I’m fresh from the VTLA’s annual meeting at the Greenbrier, in all its seizure-inducing, Technicolor grandeur.

The event is always terrific and this year’s slate of speakers did not disappoint. Appellate topics included a panel discussion on petitions for rehearing and Justice Millette’s observations from his time on both the trial and appellate bench.

Focusing on the latter, here are a few of Justice Millette’s observations:

  • Justice Millette stressed the importance of preparation and credibility. He noted that some lawyers appear frequently before the Court and have earned its trust through careful preparation and honest advocacy. Justice Millette called this “a great advantage.”
  • In connection with that, he suggested that young lawyers come into court to watch other lawyers, good or bad; either way, the observer is likely to learn something. But you won’t learn anything if you’re sitting out in the hall.
  • Justice Millette estimated that 70-80% of cases are decided based on the briefs, although he acknowledged that the members of the Court debate the precise figure. He explained that, given the Court’s busy schedule of hearing a round of cases roughly every 8 weeks, clarity is of paramount importance in brief writing.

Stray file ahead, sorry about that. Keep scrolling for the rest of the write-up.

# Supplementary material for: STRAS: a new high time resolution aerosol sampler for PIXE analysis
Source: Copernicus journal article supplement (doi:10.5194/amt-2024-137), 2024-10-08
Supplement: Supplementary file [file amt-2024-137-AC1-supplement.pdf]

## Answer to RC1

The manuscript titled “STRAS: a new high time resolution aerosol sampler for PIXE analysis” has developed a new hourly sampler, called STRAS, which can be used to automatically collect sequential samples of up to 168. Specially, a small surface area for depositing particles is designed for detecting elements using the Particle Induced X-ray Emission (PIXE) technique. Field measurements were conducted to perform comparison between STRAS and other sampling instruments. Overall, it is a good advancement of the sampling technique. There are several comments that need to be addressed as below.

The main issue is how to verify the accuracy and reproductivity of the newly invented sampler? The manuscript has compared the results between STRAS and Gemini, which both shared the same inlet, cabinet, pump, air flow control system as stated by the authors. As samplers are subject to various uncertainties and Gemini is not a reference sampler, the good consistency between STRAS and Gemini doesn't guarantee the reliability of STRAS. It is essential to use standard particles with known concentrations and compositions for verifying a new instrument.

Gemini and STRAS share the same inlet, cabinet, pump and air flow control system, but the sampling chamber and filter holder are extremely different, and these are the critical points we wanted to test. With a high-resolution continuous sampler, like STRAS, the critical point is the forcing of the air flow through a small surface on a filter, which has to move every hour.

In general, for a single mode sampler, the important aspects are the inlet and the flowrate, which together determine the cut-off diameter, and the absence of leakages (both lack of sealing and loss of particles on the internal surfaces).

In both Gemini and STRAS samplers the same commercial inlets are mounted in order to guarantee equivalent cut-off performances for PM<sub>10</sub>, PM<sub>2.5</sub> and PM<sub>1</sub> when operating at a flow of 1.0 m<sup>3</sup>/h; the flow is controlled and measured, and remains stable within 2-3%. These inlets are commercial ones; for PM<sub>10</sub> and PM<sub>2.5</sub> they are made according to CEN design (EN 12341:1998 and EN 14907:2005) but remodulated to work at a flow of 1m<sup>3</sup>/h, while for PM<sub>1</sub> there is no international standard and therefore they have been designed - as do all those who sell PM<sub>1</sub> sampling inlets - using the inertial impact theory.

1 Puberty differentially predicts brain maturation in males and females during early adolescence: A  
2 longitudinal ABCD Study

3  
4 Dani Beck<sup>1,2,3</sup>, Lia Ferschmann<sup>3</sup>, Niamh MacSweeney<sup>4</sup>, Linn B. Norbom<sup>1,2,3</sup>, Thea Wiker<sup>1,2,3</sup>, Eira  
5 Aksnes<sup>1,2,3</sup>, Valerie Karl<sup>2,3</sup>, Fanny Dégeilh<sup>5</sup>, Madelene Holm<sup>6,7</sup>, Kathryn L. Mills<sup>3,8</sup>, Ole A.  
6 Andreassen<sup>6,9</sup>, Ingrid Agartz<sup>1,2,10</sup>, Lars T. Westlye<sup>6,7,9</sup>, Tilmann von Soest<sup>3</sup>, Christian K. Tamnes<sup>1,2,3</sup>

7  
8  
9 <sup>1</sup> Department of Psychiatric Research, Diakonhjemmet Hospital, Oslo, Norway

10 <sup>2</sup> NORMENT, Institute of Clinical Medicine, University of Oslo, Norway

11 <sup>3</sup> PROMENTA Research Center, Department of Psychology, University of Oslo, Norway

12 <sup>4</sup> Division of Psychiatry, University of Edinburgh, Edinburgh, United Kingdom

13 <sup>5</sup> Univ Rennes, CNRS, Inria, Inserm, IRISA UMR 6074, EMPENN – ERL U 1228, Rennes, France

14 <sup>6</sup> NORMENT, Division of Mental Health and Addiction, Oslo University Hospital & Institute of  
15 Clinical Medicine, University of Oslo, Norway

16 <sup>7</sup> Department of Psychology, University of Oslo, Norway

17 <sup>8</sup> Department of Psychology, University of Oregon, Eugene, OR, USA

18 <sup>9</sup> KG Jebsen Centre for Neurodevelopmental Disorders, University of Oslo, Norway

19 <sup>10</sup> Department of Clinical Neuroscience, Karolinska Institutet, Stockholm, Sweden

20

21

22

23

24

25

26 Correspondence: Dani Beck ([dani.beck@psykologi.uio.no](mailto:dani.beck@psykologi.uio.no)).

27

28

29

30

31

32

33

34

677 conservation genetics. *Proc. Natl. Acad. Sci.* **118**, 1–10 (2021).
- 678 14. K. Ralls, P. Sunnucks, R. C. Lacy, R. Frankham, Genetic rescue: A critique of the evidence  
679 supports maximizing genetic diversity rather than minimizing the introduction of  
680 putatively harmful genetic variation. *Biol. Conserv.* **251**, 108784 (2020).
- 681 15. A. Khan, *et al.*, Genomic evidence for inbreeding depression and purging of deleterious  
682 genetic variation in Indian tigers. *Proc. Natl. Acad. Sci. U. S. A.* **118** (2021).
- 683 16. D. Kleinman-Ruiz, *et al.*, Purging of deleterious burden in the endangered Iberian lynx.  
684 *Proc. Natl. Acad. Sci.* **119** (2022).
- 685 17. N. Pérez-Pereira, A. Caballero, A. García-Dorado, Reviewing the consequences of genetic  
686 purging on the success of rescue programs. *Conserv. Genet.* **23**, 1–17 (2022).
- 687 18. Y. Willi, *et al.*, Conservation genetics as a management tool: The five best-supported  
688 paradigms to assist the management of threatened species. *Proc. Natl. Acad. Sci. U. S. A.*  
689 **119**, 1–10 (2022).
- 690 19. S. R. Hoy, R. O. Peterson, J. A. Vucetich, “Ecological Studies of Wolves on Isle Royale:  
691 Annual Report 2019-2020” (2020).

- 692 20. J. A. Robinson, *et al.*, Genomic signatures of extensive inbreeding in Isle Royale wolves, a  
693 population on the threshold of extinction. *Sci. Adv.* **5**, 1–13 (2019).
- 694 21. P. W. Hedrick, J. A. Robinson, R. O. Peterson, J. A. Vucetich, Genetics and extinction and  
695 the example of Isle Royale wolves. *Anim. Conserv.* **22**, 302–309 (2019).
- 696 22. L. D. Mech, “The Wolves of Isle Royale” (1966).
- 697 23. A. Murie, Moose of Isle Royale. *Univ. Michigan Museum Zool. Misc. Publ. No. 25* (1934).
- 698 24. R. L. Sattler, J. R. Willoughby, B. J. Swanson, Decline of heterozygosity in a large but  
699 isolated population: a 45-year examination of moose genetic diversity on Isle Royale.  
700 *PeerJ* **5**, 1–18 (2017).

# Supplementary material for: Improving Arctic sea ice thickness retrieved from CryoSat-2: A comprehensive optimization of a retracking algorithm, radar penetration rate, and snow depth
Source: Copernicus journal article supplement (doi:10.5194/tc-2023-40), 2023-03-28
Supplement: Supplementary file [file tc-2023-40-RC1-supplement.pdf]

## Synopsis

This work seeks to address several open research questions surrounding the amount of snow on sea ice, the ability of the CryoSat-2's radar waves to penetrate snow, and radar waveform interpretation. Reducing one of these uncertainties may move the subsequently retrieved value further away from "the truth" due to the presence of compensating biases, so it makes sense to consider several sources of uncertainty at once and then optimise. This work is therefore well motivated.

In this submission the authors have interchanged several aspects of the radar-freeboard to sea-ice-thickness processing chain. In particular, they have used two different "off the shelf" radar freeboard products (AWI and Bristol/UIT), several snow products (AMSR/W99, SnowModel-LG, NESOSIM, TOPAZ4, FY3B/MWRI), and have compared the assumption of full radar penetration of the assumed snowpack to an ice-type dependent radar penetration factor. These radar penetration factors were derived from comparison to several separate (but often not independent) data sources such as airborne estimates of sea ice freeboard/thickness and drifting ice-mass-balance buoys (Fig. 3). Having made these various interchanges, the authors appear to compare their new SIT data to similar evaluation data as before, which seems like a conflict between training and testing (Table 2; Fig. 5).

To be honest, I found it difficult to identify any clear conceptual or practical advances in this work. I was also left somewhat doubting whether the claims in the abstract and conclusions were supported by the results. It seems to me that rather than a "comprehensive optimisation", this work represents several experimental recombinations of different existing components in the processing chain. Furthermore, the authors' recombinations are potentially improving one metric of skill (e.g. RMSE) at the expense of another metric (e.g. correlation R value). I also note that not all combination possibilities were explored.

• To that end, Justice Millette recommended organizing a brief in a clear, outline format. I’d clarify that it’s helpful to include descriptive subject headings that reflect the outline organization of the brief, so that the Court can turn quickly to a given section. This can be useful when a case presents multiple assignments of error and the Court wants to focus on one in particular.
  • One of the most interesting parts of the presentation dealt with preserving error, and in particular the trial judge’s role in the process. Justice Millette stressed the importance of giving the trial judge a chance to make the correct ruling, and of ensuring that the record shows that the judge had that opportunity. He noted that waiver–and particularly the extent of the trial judge’s responsibility–has been a point of contention on the Court, with Justice Koontz memorably insisting that a trial judge is not a potted plant.
  • Justice Millette is already on the record as politely suggesting that lawyers not refer to the Court as “you guys.” He repeated that advice, noting that this form of address resonates particularly poorly with the female members of the Court.
  • Finally, Justice Millette cautioned against relying too heavily on the “right result, wrong reason” doctrine, explaining that the Court tries to use it sparingly.

Those are just the highlights from the talk. On the “you guys” point, remind me to tell you my “Don’t tell the Court ‘what’s that'” story sometime. Worst day of writ arguments I’ve ever seen.